Mindfulness in the garden
Mindfulness in the garden can take on many forms that lead to increased mental and emotional well-being.
With the onset of summer upon us, many people will return to the garden as a way to not only create beautiful landscapes, grow their own organic fruits and vegetables or to get some exercise, but to find balance and connect to their peace. Whether engaging in established restorative practices, such as mindful breathing and mindful eating while in the garden, the act of simply working in the garden as a form of mindful movement can anchor us in the here and now to relieve stress in the moment and beyond. Gardening or practicing other forms of mindfulness while in the garden will take some intentionality and practice, but the emotional health and benefits may be well worth it.
The physical benefits of any aerobic activity such as gardening are well established. The Centers for Disease Control (CDC) classifies gardening when done continuously as either a moderate or vigorous intensity form of exercise. Gardening engages the body in aerobic activities such as digging, shoveling, hauling, pulling, bending and kneeling. According to a 2018 article published by Michigan State University Extension, activities such as raking, shoveling and pushing a wheel barrel not only help burn calories, but can also strengthen our bones and muscles. Yet, most have never considered the positive impact that these physical activities that are intrinsic to gardening have on our minds. It is difficult to think of little else while connected to the earth digging, packing and hauling dirt, the earth itself. Gardening is an immersive exercise and as a form of mindful movement can bring about a greater connection between your mind, body, and spirit.
In addition to gardening as a form of mindful movement, mindful activities can be taken into the garden to practice alone or in a group. Intentionally using breath as an anchor is an evidence-based practice that has established benefits for emotional health and well-being. This practice requires very little to carry-out, which makes it convenient to take outdoors. It can be done while sitting or lying on a mat or bench in the garden, with your eyes open or closed, with or without the use of a recorded guide, such as Mindfulness for Better Living guided meditations or other Michigan State University Extension Mindfulness for Better Living resources. Breath is very easy to connect to because it is always with us and the changes are easy to notice. It is also a natural tranquilizer that calms and settles the mind, as well as relaxes the diaphragm and gastrointestinal system.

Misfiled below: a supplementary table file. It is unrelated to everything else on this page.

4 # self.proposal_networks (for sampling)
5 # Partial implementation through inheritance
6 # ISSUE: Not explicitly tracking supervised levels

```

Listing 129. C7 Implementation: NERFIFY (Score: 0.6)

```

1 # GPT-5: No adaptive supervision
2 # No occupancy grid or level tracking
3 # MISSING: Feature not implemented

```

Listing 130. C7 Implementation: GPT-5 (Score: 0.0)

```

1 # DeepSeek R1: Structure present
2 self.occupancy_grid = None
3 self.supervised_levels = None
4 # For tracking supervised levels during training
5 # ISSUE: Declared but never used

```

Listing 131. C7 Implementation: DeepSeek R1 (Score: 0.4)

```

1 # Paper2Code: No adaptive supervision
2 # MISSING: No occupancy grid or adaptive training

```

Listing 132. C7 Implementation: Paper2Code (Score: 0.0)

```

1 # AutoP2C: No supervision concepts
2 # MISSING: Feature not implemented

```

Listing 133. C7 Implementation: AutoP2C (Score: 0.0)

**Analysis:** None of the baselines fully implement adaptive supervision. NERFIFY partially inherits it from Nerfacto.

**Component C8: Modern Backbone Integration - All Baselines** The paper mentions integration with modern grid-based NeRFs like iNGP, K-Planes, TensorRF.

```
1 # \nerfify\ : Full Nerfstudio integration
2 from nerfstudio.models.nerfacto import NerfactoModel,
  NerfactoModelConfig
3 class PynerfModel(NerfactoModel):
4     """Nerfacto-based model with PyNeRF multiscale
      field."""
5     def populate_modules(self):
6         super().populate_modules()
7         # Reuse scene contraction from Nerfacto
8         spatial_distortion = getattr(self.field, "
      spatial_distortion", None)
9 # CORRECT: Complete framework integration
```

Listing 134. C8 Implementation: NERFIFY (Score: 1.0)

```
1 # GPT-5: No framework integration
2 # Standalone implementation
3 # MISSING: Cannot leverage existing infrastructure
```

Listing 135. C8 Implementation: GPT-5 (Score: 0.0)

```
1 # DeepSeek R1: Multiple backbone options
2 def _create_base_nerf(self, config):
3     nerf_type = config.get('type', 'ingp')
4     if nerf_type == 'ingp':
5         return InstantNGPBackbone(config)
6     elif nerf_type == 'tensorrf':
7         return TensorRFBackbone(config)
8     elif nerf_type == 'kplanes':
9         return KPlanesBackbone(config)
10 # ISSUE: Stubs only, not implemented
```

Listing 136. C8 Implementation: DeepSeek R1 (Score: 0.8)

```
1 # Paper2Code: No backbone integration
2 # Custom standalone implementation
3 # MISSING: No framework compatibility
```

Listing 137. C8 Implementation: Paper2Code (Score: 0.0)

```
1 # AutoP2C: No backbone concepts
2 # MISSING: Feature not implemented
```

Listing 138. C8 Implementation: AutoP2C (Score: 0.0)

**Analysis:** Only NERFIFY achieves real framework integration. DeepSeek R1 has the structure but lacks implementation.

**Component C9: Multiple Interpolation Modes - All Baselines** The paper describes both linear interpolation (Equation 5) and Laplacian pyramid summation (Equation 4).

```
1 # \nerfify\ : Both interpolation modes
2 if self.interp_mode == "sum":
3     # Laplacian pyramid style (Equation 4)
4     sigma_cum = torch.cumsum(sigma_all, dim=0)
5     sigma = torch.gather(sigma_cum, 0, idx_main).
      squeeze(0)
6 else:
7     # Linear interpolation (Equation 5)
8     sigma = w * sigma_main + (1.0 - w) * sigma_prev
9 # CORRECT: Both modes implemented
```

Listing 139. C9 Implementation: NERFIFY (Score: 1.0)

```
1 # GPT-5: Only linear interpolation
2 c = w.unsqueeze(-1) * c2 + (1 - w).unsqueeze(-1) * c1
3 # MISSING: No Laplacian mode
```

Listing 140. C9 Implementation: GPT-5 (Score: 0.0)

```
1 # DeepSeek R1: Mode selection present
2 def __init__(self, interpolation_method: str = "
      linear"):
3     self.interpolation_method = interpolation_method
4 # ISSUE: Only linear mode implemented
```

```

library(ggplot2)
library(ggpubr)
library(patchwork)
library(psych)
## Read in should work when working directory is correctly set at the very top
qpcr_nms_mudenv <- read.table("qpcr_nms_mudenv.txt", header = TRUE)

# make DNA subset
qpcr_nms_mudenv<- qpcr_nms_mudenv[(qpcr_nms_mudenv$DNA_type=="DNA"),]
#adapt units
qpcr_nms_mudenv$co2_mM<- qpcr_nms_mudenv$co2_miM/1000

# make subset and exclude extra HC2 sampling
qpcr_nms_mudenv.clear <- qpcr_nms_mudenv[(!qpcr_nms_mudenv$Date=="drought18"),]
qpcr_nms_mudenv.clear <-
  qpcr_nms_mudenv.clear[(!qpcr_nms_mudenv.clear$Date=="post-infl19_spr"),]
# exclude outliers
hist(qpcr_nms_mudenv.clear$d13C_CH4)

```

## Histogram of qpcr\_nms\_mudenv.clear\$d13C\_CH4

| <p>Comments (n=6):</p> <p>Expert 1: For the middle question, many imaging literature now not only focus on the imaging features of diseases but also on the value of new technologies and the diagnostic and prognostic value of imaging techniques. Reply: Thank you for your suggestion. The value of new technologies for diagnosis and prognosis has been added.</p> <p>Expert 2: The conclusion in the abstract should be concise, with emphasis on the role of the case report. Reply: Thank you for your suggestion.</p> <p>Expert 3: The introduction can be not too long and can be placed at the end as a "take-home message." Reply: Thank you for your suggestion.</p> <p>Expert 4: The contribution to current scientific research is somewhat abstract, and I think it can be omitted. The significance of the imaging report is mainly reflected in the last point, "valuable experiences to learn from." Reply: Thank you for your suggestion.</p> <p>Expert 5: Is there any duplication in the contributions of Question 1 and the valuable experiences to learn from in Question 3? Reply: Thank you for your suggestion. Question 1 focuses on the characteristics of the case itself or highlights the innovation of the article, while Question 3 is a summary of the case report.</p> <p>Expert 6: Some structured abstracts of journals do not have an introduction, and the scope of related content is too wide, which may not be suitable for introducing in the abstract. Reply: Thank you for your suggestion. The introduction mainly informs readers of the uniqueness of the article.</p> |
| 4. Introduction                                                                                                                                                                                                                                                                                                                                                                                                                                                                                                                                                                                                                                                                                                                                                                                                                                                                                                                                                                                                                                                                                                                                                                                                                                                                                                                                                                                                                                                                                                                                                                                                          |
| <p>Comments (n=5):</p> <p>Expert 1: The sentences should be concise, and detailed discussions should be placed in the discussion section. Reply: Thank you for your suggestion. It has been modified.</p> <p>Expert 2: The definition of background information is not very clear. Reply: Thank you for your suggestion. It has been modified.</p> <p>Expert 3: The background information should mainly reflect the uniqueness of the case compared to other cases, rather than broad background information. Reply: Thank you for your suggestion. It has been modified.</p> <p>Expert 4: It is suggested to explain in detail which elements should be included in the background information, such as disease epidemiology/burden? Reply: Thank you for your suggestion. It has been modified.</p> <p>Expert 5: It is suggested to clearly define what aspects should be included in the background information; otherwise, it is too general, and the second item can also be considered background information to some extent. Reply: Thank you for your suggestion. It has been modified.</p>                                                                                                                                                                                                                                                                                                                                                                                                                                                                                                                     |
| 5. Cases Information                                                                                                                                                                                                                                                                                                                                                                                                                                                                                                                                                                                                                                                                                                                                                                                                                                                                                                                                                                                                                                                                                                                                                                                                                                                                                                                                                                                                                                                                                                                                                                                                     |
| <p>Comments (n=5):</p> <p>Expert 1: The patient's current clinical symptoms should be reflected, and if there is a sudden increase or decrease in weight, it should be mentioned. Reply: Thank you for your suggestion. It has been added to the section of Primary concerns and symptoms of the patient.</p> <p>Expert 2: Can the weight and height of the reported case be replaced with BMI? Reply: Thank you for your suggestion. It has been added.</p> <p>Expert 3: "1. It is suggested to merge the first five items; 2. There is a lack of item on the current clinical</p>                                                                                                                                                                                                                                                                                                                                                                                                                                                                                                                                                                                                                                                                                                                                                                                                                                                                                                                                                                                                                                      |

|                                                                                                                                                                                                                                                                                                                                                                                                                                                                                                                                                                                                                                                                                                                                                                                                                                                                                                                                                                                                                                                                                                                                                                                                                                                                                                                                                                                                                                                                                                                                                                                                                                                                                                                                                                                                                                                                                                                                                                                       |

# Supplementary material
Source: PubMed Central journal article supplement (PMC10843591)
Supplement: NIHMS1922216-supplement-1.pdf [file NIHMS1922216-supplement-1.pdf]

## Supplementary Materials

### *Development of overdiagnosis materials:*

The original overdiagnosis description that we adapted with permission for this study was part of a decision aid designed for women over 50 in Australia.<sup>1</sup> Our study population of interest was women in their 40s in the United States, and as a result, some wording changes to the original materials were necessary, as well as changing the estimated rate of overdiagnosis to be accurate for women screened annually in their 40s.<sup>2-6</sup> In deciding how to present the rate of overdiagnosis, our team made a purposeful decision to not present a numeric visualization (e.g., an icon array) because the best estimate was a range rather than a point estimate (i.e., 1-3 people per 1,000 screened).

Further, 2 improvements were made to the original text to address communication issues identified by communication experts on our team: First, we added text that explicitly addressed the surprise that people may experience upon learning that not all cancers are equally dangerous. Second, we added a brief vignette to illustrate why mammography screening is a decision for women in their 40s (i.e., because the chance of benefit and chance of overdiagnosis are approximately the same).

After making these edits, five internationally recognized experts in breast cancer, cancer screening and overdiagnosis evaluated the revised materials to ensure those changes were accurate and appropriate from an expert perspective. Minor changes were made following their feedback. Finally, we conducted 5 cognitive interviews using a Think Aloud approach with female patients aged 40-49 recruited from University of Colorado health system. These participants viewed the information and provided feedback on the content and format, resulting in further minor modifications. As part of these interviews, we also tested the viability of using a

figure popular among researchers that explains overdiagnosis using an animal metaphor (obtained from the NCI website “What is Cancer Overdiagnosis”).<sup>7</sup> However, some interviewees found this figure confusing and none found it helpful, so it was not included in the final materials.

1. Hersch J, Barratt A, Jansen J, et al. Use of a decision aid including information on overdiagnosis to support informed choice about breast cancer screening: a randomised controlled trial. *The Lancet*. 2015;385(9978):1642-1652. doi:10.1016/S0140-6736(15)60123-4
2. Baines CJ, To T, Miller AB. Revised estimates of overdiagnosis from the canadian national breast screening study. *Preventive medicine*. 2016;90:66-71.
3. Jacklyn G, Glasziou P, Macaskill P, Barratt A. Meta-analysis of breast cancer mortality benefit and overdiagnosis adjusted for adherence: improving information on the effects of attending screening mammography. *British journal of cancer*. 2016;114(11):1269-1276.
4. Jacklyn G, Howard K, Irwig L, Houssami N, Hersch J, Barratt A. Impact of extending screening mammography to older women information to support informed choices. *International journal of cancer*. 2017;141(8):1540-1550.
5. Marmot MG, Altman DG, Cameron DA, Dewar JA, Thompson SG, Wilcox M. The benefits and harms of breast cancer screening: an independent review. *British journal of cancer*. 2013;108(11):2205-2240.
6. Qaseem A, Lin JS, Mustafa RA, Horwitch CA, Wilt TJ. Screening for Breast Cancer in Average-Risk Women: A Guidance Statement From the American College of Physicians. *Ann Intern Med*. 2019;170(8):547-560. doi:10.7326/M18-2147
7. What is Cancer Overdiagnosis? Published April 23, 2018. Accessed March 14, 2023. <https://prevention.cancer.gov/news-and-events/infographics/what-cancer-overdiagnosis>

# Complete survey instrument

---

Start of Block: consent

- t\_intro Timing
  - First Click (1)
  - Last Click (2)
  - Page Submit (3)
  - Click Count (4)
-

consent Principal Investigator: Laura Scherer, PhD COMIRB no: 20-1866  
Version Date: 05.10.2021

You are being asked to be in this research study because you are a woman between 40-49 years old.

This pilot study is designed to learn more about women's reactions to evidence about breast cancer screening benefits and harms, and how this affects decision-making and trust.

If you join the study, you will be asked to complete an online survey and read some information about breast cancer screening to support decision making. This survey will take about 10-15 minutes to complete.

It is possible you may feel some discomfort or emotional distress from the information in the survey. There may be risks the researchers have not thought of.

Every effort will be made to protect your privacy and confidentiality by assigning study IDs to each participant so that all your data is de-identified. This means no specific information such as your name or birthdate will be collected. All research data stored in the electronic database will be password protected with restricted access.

For teachers, 4-H leaders and others who work with youth developing school-based gardens, there are breathing practices that youth can engage in alone or in a group. Being mindful starts with noticing and then shifting one’s focus to something else in one’s surroundings and out of stressful thoughts in the mind. While in the garden, ask youth to seek five things to see, four things to feel, three things to hear, two things to smell and one thing to taste. This five sense exercise or “5, 4, 3, 2, 1 exercise” is a widely used mindfulness activity for grounding, which is firmly casting an emotional and mental anchor in the present moment to help us center ourselves when we are experiencing stress.
Taking this grounding activity into the garden with youth can create a unique opportunity for them to anchor themselves in nature by noticing things like the sky, feeling things like leaves, hearing things like chirping birds, smelling natural aromas, such as jasmine or rose from plants, or tasting things that the youth themselves have grown in the garden. For an added benefit, teachers can ask the youth to attend to the one thing that they felt anchored them the most during the exercise and hold their attention to that for as long as they can. As a group exercise following the practice, youth can share with others, perhaps in a circle the things that engaged their five senses and see who else sensed the same things that they did.
In addition to breathing and grounding activities to practice in the garden, mindful eating can also be done with things that have been grown right in one’s garden. This can be a uniquely satisfying activity for youth and adults to experience the satisfaction of eating foods that they themselves have toiled for, nurtured, and harvested. For this activity, plan to have freshly harvested fruits and vegetables cleaned and ready for consumption. Participants can sit in a circle or alone and chart how the item felt in their hands, what colors they noticed and the smell and aroma of the item while holding it up to their noses before placing it in their mouths. Once it is in the mouth, participants can notice the texture while moving it around and savoring the flavor by chewing thoroughly and slowly.
There is so much to savor and enjoy during the brief time that we experience summer. Mindfulness that can be carried out in the garden or through gardening itself is multifaceted and offers a variety of ways for people to find their own way into the practice. Communing with nature is a natural way restore the mind, body and soul.